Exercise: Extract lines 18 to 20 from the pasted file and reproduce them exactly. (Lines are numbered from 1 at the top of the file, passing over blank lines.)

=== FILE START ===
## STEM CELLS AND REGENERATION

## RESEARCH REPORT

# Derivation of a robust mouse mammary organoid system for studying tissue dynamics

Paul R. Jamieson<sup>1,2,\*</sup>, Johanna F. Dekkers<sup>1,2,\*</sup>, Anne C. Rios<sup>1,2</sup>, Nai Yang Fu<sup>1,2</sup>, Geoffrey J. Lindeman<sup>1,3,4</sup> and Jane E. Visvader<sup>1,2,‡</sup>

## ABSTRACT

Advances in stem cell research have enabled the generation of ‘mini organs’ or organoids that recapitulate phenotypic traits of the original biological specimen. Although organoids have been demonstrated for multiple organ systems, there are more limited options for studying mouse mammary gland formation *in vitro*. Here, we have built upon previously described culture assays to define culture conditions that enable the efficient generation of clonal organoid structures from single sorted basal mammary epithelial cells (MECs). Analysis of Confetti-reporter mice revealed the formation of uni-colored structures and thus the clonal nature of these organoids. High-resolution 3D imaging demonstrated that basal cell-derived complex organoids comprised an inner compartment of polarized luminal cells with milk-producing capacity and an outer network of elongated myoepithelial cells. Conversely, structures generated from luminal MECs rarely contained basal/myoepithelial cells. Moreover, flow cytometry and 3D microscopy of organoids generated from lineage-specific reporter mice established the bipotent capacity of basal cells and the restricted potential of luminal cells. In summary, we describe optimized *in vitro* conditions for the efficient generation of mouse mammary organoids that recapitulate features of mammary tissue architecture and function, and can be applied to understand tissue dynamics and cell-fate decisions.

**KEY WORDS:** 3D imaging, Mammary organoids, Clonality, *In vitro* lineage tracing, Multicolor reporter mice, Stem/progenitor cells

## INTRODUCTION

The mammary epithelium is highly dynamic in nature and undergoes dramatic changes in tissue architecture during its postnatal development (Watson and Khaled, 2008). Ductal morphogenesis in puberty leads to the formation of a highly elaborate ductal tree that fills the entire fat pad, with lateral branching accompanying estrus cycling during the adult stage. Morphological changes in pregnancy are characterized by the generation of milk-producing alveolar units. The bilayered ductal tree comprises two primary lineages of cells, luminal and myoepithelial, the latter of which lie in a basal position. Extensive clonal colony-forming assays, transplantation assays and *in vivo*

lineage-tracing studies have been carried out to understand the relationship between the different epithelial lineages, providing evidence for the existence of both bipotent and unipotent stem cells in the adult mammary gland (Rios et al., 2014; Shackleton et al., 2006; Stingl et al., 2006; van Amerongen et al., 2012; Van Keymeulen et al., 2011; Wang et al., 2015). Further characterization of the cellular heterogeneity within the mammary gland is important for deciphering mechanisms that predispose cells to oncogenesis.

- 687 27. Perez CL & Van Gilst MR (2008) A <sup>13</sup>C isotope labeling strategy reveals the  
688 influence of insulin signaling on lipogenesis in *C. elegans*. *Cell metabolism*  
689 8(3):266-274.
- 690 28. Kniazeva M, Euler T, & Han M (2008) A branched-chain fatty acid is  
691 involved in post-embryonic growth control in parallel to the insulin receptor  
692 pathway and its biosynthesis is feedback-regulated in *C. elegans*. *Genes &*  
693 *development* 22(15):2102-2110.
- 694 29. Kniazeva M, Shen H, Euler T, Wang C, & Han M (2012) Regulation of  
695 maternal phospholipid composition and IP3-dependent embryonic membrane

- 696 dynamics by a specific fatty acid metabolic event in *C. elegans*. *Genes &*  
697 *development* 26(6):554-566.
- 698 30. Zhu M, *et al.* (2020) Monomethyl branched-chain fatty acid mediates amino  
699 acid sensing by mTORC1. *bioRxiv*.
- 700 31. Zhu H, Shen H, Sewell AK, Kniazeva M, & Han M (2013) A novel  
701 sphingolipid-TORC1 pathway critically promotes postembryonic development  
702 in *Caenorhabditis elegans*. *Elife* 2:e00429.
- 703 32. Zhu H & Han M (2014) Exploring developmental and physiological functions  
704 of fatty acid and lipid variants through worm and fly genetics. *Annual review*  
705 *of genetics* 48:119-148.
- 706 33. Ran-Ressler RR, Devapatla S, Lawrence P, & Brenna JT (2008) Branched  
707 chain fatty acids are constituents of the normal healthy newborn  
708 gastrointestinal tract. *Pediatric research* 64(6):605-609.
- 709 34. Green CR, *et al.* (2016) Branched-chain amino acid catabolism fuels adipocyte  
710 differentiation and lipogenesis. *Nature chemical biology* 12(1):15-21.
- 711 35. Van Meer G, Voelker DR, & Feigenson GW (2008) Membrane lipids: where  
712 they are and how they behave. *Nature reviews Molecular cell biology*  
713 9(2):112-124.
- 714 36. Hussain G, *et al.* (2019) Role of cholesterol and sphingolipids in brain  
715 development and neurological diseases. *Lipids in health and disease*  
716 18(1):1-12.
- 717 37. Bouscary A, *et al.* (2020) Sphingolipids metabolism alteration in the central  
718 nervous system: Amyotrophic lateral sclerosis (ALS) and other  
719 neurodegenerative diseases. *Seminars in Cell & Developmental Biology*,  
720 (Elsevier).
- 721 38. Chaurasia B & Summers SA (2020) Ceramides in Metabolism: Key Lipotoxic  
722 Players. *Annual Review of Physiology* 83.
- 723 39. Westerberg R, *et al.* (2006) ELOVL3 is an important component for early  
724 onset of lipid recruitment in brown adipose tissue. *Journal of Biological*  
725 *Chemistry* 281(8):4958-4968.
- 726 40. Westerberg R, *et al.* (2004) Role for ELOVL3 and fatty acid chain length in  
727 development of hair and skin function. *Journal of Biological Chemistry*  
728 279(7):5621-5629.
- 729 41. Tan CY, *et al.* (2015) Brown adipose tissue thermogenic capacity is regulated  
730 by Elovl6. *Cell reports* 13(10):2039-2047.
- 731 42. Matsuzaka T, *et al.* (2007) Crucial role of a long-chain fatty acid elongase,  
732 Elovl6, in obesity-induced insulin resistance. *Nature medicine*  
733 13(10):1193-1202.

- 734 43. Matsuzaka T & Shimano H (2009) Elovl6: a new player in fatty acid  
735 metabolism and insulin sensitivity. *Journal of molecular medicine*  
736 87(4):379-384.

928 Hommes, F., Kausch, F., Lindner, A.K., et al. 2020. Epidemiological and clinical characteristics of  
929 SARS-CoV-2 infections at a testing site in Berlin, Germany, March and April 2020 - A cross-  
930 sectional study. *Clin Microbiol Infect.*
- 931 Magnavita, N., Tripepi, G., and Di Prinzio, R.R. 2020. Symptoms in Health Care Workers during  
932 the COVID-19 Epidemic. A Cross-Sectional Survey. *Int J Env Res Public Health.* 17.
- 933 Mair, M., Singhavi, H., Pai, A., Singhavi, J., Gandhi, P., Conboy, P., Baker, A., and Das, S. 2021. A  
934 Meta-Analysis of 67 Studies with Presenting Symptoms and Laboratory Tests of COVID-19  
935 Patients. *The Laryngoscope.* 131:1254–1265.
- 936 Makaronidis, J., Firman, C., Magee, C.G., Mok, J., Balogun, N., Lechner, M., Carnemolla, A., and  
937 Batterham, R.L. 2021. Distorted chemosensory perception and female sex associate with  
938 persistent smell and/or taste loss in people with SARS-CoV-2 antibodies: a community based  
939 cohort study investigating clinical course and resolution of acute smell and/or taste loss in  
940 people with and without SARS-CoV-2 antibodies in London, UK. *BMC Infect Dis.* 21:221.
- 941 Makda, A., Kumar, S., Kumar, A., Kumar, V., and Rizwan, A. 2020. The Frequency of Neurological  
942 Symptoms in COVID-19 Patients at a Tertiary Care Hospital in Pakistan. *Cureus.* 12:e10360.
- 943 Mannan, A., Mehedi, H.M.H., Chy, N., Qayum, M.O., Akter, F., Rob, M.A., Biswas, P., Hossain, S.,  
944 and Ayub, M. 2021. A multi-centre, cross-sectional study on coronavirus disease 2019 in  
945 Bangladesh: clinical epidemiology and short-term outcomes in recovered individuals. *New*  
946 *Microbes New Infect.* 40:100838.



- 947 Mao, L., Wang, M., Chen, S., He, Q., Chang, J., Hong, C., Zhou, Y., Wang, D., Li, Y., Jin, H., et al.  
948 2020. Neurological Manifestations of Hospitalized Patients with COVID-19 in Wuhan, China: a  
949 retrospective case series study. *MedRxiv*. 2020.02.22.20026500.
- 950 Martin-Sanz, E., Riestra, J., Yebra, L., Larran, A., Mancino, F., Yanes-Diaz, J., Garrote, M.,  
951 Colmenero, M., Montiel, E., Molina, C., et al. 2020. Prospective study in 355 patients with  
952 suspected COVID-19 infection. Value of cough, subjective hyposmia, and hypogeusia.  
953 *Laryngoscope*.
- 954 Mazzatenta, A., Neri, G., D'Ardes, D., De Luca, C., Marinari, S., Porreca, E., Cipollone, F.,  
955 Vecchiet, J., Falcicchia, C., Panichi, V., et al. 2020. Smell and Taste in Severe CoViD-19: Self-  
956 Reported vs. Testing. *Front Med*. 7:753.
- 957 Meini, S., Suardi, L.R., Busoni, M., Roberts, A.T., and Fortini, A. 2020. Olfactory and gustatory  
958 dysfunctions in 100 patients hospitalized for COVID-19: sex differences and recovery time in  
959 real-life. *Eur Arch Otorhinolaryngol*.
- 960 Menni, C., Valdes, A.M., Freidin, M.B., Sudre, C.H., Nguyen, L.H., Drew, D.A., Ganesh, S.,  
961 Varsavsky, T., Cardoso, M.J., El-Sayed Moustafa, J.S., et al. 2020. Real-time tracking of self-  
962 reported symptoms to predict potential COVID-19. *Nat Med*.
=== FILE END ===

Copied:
- 694 29. Kniazeva M, Shen H, Euler T, Wang C, & Han M (2012) Regulation of  
695 maternal phospholipid composition and IP3-dependent embryonic membrane

- 696 dynamics by a specific fatty acid metabolic event in *C. elegans*. *Genes &*  